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Odessa Mayor elections will go to a second round (in all probability)

September 25, 2015

Before any of the runners and rider nominations for the Odessa elections were known an entry appeared with some guestimate figures and observations relative to the time (and unknown players).  Those figures will be updated in a week or two as the elections get closer and a “sense” of where the constituency is at becomes more settled.  A test of your author’s punditry despite it being a fools errand.

In that post it stated – “Obviously all numbers stated in this entry are “educated guesswork” but Mayor Trukhanov will probably garner anywhere between 55 – 60% of any votes cast for Mayor – possibly more being able to misuse city resources, owning almost all “big board” advertising space, having his on-line media, printed media, and TV channels – notwithstanding being the current incumbent and regularly in the local media as Mayor anyway.”

Last week another entry highlighted the nomination issues within Solidarity, and raised the possibility of Sergei Kivalov running and effecting the Trukhanov numbers – “The as yet unannounced Solidarity Party candidate to run as Mayor is also somewhat surprising. An individual that last time you author saw him made clear that being put on the party list was not what he wanted. That said, despite the current incumbent having 55 – 60% popularity rating in the last (secret) polls, this Solidarity candidate is definitely a reformer and certainly not a crook. Perhaps that 5 – 10% can be overturned if there are no other candidates with traction or candidates that would eat into the Trukhanov constituency. (Should Kivalov run for mayor that would have an effect on Trukhanov’s numbers for example.) Nonetheless a surprising candidate for Mayor, as the candidate only last week was ruling himself out of party lists altogether.”

Yesterday’s entry confirmed the nominations of the Solidarity Party for Odessa and spent some time dwelling upon the possible fortunes of Sasha Borovik, the chosen candidate for Mayor.  Within that entry it stated – “With the current Mayor Gennady Trukhanov likely to garner 55 – 60% of the vote, Mr Borovik as of the time of his candidacy announcement for Mayor can probably start from a solid 15% of the city constituency vote.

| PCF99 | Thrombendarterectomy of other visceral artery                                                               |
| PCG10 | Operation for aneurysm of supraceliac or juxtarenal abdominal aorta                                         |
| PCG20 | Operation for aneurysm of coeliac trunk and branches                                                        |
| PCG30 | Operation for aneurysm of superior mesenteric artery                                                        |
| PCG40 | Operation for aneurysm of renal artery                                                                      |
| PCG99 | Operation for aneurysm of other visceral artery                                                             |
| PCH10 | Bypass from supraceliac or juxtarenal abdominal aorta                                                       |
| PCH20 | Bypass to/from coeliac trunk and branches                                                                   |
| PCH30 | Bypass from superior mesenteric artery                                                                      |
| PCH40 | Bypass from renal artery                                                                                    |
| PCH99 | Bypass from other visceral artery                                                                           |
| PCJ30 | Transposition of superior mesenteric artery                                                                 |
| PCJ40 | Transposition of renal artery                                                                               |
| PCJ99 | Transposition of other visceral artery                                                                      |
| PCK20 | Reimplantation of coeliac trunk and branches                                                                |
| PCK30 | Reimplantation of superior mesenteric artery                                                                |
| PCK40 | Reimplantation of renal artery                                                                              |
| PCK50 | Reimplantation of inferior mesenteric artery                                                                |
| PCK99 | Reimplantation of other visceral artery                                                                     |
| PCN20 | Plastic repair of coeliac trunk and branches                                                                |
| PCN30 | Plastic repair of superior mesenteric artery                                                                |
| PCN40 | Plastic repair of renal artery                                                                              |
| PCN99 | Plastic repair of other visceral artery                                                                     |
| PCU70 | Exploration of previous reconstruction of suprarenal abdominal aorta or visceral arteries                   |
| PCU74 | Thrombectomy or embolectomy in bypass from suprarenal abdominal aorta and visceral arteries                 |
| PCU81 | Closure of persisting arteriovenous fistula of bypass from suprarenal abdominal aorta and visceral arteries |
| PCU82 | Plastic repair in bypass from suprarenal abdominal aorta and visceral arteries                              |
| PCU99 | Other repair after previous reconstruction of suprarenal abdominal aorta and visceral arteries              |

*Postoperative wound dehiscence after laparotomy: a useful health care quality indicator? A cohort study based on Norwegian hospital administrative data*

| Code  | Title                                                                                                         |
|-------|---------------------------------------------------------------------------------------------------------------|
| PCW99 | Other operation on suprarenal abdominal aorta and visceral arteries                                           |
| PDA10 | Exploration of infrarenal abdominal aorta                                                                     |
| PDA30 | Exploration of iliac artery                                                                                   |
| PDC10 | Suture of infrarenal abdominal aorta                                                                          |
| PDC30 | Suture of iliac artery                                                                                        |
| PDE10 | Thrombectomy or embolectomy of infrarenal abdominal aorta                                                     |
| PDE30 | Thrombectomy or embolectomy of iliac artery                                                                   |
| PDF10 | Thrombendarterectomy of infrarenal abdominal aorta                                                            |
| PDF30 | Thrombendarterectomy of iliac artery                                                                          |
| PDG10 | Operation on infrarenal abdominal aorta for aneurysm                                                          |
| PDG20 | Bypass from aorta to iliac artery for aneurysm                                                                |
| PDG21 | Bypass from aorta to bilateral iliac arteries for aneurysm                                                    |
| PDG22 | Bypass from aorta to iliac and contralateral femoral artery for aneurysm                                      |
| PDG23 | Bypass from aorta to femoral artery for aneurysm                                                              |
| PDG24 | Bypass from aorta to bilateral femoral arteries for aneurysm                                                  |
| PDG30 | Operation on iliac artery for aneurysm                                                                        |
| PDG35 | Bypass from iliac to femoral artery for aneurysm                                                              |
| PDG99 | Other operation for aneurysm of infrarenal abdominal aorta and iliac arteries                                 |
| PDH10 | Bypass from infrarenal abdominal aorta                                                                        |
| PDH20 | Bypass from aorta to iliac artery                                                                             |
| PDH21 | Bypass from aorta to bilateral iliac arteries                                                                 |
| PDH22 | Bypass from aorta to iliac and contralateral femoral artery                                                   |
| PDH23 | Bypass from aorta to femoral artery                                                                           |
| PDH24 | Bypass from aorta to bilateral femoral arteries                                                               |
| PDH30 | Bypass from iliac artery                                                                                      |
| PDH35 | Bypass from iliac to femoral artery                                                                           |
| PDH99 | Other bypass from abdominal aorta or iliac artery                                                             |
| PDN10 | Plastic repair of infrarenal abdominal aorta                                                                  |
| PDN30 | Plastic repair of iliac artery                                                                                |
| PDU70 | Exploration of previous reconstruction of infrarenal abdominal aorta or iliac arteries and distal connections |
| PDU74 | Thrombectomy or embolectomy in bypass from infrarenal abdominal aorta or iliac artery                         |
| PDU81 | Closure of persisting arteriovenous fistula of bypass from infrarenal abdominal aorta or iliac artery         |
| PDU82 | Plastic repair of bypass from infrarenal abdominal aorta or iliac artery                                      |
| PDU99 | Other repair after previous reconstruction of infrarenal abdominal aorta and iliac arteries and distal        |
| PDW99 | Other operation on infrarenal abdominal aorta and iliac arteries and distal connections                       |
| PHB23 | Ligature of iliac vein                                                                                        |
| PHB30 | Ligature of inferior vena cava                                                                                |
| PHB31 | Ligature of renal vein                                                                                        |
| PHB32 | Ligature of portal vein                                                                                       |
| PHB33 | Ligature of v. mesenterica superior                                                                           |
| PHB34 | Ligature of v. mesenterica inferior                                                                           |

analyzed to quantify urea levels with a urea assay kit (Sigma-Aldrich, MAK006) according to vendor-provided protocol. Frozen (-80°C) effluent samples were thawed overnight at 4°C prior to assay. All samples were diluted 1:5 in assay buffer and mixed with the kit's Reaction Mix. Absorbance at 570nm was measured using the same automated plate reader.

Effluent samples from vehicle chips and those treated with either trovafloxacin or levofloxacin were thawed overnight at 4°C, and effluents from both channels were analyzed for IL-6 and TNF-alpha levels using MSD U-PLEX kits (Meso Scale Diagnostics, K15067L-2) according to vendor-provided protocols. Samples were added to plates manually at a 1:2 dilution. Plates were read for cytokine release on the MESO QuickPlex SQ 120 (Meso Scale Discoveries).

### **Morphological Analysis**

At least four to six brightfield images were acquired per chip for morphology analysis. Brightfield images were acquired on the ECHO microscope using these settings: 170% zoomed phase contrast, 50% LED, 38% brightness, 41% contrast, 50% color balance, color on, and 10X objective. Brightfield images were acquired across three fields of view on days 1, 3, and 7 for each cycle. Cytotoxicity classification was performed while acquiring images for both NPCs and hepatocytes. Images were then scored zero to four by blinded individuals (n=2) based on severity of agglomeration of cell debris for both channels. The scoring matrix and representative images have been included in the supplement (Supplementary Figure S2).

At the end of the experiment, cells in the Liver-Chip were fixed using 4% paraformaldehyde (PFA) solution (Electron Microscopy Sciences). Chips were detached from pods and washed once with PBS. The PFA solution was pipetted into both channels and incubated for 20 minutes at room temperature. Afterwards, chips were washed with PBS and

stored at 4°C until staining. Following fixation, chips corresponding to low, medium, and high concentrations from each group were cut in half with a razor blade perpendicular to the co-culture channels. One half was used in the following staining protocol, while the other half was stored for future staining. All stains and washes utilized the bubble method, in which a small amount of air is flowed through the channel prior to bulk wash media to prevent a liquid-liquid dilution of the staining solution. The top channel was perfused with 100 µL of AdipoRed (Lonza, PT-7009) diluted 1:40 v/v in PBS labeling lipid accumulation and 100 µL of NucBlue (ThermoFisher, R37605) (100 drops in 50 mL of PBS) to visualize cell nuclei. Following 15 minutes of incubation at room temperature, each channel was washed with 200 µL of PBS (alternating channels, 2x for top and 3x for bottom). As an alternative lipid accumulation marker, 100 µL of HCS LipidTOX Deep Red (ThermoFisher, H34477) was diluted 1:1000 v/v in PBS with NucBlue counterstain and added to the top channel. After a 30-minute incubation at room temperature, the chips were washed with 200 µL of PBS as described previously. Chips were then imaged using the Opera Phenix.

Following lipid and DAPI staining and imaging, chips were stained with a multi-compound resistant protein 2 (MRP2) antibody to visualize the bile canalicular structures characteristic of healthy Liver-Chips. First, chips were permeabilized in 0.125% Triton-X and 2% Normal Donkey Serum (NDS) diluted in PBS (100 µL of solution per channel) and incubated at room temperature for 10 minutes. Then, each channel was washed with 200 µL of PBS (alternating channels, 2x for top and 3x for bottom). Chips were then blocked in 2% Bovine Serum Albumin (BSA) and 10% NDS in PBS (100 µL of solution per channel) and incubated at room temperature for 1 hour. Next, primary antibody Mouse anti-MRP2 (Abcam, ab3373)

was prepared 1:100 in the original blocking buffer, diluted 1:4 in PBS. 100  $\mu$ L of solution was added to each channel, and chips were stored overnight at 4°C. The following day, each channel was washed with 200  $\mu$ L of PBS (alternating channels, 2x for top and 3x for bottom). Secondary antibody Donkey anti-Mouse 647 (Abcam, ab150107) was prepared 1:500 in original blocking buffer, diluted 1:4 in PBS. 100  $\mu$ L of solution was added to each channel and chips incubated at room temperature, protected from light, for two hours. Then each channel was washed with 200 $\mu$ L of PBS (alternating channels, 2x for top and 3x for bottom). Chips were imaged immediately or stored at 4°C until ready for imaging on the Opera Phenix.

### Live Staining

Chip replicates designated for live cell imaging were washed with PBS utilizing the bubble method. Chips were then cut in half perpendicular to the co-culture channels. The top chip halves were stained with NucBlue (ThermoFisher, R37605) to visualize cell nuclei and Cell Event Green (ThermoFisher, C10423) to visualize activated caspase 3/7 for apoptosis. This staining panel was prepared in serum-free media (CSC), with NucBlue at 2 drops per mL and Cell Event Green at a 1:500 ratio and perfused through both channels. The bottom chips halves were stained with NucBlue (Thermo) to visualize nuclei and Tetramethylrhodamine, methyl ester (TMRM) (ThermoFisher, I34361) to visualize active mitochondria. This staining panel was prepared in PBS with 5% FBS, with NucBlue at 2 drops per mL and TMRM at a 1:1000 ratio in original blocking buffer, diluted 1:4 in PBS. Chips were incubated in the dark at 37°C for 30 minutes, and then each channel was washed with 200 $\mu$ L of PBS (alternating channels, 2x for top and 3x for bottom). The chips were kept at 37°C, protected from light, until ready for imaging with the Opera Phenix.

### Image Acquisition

Mayor Trukhanov’s voter base seems unlikely to be split by any possible candidacy of Sergei Kivalov, who despite mutterings about running is very unlikely to actually run.”

No sooner had the “publish” button been pressed did your author receive a message stating that Sergei Kivalov has decided he will run for mayor.

This occurrence now makes thing more interesting – and protracted.

Had Mr Turkhanov received 55 – 60% of the vote there would be no requirement for a second round of voting.  51% would have been enough to win outright in the first round (no differently to presidential elections).

However, it is guaranteed that Sergei Kivalov running will split the Trukhanov vote, and will certainly manage to take enough percentage of the Trukhanov constituency vote to bring the current incumbent bellow the 51% required to win outright in the first round.

The second round of voting follows some 3 weeks later (although for presidential elections the time period is 2 weeks after the first round).

To be blunt Sergei Kivalov is very unlikely to win, or indeed make it into the second round as one of the top two candidates – a situation he will be well aware of.

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Sergei Kivalov

So why is he running?

Firstly, no matter how remote the chance, there is still a chance he could get to the second round.

More realistically there are two reasons.  The first is that his local political party Morskaya was predicted in the opening link to garner between 5% – 7% and thus just make it over the 5% threshold to take up seats on the city council.  Mr Kivalov wanted to garner 10% of the vote which is extremely unlikely.  In fact the 5% threshold is far too close for comfort.  Therefore by running for mayor, Mr Kivalov will hope to give his party a small boost in an effort to insure the 5% threshold is passed.  To be blunt he needs his party in the city council to sit on committees that will try and look after his (legitimate and also nefarious) interests.